First, the entire drive of the Iranians for nuclear power contravenes international law – particularly United Nations resolutions which have repeatedly demanded Iranian compliance  with IAEA regulations.  How is it that Iran has acquired sufficient leverage in these endless negotiations that it can effectively cow the international community into believing that it is on the same moral playing field as its negotiating partners?  Clearly, the negotiations themselves have created a framework by which Iran can see itself  egarded with dignity and with its sovereign rights respected – rather than being treated as the serial violator of the norms of civilized conduct that it is.

Second, why has the support of countries such as China and Russia become so vital?  Both are rogue regimes in their own separate ways – whose every effort in the United Nations is to thwart the United States and whose own self-aggrandizing behavior in recent years should win it no validation from us.   The whole idea of the P5+1 negotiating alliance  – being as it is a reflection of the President’s internationalist outlook –  was fraught with compromise from the beginning and has now given regimes who have enjoyed playing the threat of a nuclear Iran against the United States far too much say and leverage in the process.

Third, the measure the Senate is likely to take up, sponsored by a Democrat and a Republican, would mandate new sanctions only if Iran failed to accept an agreement by the June 30 deadline established in the ongoing talks. Common sense suggests the certain prospect of more punishment for an already damaged economy would make the regime of Ayatollah Ali Khamenei more, rather than less, likely to offer the concessions necessary for a deal.

But more important than any of these is the likelihood, admitted in the press conference by the President himself, of a less than 50/50 chance of the P5+1 negotiating team ever coming to terms with the Iranians.  If the President is equivocal in his belief that the negotiations will succeed and yet remains adamant that Iran will not obtain a nuclear weapon, then what contingency plan is he really presenting?  Why can the Iranians not be put in absolute fear of an extremely heavy sanctions regime or else a combined military assault itself if they fail to come to terms?   There can be no greater incentive than the potential destruction of one’s regime – or else its slow strangulation – to get a rogue motivated.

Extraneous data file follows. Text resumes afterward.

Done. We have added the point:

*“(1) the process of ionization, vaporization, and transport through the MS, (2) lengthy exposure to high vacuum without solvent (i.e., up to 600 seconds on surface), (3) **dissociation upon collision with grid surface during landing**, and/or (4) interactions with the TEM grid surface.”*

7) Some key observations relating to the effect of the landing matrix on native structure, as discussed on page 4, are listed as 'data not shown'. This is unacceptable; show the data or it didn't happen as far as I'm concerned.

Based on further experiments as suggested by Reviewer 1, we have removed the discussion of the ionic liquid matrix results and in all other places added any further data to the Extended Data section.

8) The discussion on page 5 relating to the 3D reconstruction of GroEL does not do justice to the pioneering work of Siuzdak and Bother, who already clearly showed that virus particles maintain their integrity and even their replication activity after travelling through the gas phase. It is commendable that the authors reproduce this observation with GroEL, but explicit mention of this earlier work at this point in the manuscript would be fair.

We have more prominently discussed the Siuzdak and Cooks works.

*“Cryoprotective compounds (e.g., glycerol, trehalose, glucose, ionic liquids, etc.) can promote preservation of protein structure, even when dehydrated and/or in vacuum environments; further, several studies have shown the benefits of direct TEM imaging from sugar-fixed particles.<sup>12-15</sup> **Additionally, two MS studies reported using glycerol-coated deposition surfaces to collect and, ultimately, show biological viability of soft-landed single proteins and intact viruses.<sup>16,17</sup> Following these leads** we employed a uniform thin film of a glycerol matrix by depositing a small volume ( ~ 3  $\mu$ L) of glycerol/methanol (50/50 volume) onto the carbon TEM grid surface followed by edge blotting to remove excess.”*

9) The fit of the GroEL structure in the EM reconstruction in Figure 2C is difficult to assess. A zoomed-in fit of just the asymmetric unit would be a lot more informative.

Teddy Roosevelt would have understood this.  He would have demanded  that the Iranians arrive at the negotiating table already shaking in their boots for fear of the reprisals which would be visited upon them should they not bow to our terms.  The big stick would have been very much in evidence behind TR’s famously flashing smile.

Sadly his 21st Century counterpart has not learned this valuable lesson of statecraft, bearing not a stick, but little more than a twig as a weapon of intimidation.  If you read between the lines of the President’s contorted logic the only conclusion that can reached is that his contingency plan for this very real threat to our national security is a future policy of containment of a nuclear armed Iran.

Avi Davis is the President of the American Freedom Alliance and the editor of The Intermediate Zone